A Primer of Florida Felony Sentencing

Florida laws governing the sentencing of people convicted of felony-level crimes are notoriously complex and difficult to comprehend. Though the laws were significantly revised as recently as 1998, it can still be nearly impossible for a layperson to understand the “points” system used by Florida judges when sentencing a person convicted of a crime.

This article will break that system down and attempt to make it easier for those facing criminal charges or their families to better understand what goes on during the sentencing phase of the Florida criminal process. Your Orlando criminal defense attorney can answer any additional questions you may have about maximum and minimum sentences you may face if convicted of a felony.

Florida’s “Points” System

The current method of assigning “points” to certain types of crimes and combinations of current convictions and prior ones was originally devised in 1994. Prior to that time, sentencing judges were given a great deal of discretion when deciding the fate of people appearing before them. There were some mandatory minimum prison terms in place for certain types of crimes, but otherwise there was a wide range of possible punishments available for each. The reality of this system was that any two people with similar criminal histories convicted of similar crimes could end up with vastly different sentences.

According to the Florida State Department of Corrections, the 1994 sentencing guidelines were passed as part of the so-called “Safe Streets Act,” and were part of a new legislative focus on assigned finite correctional resources on offenders who were either violent or found themselves repeatedly in trouble with the law. The law has continued to evolve since then, with point values and sanctions being changed to reflect changing crime trends. The law as it stands now allows for upward deviation from suggested punishments for a wide range of crimes, but it prevents the rampant downward deviation that allowed for drastically different sentences for individuals convicted of the same exact offense.

Assigning a Severity Level to a Crime

In Florida, like in most other states, crimes are categorized as either misdemeanor or felony-level offenses. Misdemeanors are traditionally less severe crimes that are punishable by a maximum incarceration period of one year in a county-level correctional facility.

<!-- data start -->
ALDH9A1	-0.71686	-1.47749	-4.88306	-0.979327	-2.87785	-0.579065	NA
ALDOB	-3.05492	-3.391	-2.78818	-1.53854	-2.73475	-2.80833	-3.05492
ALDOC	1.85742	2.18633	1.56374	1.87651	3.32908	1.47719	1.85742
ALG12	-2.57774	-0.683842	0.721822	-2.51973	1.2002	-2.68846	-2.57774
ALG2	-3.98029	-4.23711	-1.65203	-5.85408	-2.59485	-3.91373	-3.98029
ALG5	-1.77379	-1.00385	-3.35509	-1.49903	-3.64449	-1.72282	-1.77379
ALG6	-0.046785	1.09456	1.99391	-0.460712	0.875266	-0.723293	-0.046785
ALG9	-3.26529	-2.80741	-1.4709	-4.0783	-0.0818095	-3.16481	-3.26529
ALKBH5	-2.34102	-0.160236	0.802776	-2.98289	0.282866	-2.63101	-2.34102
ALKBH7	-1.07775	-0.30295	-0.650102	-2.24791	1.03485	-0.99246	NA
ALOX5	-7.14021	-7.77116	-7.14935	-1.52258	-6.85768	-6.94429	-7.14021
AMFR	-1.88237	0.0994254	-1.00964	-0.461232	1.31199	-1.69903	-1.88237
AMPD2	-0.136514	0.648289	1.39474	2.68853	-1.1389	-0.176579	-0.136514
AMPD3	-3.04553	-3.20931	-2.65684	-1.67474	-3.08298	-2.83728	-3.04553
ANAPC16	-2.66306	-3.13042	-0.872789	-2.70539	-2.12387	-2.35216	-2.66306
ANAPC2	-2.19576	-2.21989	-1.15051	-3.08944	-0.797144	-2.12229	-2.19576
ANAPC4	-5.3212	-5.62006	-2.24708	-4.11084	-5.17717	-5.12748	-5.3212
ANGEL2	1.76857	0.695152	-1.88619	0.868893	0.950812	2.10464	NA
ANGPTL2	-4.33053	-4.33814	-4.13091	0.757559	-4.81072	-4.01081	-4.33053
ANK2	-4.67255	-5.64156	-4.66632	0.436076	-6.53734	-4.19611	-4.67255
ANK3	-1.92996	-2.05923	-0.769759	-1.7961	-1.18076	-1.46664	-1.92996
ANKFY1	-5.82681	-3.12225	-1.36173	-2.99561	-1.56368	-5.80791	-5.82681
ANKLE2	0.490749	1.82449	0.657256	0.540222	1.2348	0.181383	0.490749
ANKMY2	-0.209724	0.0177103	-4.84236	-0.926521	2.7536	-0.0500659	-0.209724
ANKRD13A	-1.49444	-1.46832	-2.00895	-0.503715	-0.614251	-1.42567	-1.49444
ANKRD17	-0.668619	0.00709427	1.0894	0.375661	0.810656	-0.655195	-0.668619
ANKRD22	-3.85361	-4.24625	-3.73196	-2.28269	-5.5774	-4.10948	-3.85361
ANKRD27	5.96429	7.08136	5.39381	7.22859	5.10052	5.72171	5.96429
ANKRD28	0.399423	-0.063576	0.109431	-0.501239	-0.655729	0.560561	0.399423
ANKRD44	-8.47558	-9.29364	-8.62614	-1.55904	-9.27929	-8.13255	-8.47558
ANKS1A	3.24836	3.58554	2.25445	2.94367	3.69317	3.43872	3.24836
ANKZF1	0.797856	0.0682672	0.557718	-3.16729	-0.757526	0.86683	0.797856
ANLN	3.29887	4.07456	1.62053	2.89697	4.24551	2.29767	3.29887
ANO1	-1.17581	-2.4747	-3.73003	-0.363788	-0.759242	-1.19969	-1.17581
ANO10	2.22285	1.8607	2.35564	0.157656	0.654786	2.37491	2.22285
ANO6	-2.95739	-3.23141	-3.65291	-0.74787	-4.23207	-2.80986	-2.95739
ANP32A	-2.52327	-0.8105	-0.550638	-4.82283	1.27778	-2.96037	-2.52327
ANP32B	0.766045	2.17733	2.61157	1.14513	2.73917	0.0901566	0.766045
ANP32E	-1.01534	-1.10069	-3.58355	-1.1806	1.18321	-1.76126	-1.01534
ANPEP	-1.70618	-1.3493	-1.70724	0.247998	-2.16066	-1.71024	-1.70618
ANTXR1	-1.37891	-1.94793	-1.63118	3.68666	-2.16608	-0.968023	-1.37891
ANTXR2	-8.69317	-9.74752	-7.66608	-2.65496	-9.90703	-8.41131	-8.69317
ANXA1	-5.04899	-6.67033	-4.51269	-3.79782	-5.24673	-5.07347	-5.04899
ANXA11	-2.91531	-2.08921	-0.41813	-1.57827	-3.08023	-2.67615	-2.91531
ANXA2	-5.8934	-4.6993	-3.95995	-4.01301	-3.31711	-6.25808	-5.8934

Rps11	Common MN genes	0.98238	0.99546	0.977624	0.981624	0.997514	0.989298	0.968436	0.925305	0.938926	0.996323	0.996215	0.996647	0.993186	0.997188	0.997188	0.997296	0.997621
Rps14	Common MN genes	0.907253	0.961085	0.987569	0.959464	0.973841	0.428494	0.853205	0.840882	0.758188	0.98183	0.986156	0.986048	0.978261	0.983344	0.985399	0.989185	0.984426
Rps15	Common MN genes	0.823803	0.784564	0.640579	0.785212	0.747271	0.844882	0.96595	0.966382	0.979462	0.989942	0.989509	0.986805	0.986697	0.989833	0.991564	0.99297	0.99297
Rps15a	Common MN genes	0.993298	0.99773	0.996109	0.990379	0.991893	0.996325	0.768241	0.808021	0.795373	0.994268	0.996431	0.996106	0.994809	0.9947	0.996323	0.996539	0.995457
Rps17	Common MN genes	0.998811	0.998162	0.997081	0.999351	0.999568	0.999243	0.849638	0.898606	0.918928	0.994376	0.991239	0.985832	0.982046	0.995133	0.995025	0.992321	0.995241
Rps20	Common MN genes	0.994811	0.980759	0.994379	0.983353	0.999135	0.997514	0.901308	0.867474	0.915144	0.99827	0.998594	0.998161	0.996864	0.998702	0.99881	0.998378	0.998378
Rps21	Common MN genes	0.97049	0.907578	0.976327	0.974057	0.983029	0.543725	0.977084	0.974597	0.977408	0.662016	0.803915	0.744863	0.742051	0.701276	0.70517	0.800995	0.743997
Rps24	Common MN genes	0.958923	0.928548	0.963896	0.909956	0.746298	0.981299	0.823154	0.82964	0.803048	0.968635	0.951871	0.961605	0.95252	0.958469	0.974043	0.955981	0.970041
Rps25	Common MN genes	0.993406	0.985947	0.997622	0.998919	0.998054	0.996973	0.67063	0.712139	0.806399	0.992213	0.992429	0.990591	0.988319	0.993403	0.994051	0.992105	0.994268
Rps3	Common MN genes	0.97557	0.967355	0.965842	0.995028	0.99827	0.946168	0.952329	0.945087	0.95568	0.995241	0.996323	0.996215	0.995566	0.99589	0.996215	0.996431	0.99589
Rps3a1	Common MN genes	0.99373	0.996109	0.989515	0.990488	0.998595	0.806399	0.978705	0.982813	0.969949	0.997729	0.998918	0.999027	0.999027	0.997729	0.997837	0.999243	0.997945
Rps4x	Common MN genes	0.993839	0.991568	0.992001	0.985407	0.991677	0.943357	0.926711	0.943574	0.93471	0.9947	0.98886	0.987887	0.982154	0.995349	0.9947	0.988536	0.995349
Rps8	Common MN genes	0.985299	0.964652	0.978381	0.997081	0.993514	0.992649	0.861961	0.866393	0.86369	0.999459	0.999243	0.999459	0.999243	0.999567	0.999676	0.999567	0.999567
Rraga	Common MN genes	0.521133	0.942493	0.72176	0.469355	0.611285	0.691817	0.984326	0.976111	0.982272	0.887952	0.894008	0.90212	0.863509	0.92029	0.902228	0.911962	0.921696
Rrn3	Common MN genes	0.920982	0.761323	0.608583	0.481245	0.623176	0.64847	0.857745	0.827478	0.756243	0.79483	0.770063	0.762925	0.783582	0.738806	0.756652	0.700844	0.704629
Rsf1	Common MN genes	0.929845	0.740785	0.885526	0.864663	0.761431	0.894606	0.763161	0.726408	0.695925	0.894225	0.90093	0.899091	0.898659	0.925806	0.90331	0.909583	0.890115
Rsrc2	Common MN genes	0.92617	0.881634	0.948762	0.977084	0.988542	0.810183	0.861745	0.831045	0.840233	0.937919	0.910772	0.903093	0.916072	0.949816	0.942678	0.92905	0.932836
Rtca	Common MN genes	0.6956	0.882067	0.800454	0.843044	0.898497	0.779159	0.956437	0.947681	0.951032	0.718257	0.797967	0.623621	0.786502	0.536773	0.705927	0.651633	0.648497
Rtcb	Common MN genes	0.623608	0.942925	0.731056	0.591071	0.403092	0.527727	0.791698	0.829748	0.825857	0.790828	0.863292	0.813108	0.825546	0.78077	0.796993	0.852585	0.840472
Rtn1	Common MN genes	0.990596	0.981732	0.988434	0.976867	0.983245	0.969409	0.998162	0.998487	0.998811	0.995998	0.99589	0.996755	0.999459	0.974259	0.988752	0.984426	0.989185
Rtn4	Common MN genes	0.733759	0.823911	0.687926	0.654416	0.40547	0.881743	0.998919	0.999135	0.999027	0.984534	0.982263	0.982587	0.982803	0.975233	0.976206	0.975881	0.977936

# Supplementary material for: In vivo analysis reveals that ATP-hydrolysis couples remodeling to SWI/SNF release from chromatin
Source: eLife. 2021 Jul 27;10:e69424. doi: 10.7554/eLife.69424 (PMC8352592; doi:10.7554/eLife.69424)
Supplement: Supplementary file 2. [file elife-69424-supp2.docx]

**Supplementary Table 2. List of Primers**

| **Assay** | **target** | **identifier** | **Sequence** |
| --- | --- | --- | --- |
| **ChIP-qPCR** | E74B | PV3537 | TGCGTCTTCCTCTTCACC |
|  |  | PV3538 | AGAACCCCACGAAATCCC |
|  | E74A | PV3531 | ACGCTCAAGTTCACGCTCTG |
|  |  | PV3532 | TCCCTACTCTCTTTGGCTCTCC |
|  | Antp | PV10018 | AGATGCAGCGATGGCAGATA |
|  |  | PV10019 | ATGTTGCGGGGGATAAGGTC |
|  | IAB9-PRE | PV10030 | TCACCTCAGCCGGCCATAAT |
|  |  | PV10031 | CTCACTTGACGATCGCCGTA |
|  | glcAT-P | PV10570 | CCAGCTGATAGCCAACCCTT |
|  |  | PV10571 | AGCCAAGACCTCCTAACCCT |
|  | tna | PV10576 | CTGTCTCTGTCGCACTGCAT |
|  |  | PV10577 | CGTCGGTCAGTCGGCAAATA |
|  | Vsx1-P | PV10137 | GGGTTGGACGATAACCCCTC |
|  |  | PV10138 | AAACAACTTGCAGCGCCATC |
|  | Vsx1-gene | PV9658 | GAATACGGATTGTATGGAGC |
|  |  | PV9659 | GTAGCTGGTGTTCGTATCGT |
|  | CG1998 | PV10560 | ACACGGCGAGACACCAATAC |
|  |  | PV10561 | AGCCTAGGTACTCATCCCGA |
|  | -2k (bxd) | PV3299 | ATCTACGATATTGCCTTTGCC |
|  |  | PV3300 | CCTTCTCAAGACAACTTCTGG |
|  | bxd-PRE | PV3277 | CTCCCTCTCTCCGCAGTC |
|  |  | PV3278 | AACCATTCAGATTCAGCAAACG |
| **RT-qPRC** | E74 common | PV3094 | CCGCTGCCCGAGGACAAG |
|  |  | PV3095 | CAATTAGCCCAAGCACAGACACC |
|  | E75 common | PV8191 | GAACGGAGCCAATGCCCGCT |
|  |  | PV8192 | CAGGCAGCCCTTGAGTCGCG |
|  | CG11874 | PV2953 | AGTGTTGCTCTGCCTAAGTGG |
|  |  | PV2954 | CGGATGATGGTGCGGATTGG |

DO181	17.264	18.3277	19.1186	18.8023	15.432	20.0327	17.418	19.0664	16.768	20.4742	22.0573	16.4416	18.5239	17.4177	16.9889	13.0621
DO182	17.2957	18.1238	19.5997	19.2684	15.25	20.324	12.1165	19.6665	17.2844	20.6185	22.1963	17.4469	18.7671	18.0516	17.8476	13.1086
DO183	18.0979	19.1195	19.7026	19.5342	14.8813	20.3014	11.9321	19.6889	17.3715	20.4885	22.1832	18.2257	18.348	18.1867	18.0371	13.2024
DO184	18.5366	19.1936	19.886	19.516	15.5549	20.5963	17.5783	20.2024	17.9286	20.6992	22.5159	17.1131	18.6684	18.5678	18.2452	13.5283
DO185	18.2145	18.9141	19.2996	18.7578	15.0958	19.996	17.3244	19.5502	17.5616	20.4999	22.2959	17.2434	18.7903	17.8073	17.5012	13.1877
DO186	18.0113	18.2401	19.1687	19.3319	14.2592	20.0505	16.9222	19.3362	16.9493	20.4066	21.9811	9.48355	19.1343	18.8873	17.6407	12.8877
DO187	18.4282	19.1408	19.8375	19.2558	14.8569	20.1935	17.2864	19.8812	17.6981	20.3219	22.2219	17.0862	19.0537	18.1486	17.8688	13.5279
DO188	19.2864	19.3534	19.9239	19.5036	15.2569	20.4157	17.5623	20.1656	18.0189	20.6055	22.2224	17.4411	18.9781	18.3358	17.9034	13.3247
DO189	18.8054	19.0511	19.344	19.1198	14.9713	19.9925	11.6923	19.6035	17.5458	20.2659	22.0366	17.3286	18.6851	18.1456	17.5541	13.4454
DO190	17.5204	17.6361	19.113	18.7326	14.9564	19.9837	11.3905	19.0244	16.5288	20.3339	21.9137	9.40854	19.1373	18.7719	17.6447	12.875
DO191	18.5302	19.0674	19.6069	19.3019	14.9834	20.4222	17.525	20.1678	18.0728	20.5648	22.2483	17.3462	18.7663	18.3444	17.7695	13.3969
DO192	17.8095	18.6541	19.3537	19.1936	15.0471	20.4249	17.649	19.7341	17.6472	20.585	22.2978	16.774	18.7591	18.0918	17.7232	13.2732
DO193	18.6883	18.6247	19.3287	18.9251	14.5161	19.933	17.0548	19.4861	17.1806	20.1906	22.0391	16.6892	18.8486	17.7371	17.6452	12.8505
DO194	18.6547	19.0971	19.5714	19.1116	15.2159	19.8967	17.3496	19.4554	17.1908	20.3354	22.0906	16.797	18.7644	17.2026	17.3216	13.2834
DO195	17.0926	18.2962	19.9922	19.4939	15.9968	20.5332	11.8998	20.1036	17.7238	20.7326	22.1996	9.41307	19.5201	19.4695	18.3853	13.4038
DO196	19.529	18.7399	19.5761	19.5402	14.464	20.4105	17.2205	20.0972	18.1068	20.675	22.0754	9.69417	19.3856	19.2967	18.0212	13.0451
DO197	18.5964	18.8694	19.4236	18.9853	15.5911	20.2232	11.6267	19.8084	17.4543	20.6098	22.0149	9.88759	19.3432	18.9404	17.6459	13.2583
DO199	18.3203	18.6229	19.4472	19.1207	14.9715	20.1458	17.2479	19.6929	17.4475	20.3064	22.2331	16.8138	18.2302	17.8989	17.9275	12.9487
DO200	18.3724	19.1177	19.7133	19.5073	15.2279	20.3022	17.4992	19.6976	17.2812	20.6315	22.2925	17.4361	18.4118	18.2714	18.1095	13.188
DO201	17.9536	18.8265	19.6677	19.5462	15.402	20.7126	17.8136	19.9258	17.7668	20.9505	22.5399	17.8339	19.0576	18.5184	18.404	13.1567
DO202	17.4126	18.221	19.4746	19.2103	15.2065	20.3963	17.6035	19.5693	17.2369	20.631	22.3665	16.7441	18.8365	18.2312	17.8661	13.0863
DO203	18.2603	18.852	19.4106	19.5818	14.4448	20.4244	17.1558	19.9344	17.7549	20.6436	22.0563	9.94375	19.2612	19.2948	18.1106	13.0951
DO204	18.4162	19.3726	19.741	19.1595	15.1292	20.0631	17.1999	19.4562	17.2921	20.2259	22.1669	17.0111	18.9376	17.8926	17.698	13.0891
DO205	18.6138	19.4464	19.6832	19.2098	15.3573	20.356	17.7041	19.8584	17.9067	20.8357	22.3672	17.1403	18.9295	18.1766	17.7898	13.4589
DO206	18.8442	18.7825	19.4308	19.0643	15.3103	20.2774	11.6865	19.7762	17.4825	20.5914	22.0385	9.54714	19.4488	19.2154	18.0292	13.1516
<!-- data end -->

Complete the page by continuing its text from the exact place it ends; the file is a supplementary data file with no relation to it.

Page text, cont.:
Felonies, on the other hand, are punishable by either death or a period of incarceration in a Florida state penitentiary — not a county jail, but a prison — for a term exceeding one year. There are essentially four degrees of felony crimes:

  • Third degree – up to five years in prison
  • Second degree – up to 15 years in prison
  • First degree – up to 30 years in prison
  • Life felony – punishable by life in prison

By divvying up felony charges in this way and assigning them a particular statutory maximum punishment, the law now provides that each person convicted of a felony may be sentenced to prison time.

Florida’s Sentencing Scoresheet: The Points System Calculation

Under the current felony points system, felonies are — in addition to being differentiated by degrees — categorized into 10 levels that determine the number of points each charge will be assigned for sentencing purposes. The levels are divided by the seriousness of the crime, with Level One being the least serious and Level Ten being the most serious. Point values are assigned accordingly, with a Level One primary offense resulting in a mere four points, and a Level 10 crime equaling 116 points.

Multiple charges (if the defendant is accused of committing more than one criminal act in a single instance, such as burglary and assault) and prior criminal convictions are also accounted for by the points system, and they are assigned values as set forth in the Criminal Punishment Code Scoresheet. Essentially, the total number of points for each criminal charge is added together to determine not only if a mandatory minimum prison term is necessary, but also what that minimum would be. The standard formula for this calculation is as follows:

  • (Total points from all criminal convictions – 28) x 0.75 = the minimum mandatory sentence required (in months)

The sentencing formula, the level formulas and the distinction between different levels of felonies are complex matters of law. The importance of having an experienced criminal defense lawyer on your side each and every time you face criminal charges cannot be understated.   Though different degrees of sentencing seem cut and dry, there are many different aspects of the legal system that come into play.

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Even if the charges you face now may not result in enough points to warrant a lengthy prison term, prior convictions can count against you in the future. Your second chance begins with your first brush with the criminal justice system. Do not delay in contacting the experienced Orlando felony defense attorneys of the Umansky Law Firm, by email or by phone at 407-228-3838, if you are facing criminal charges.

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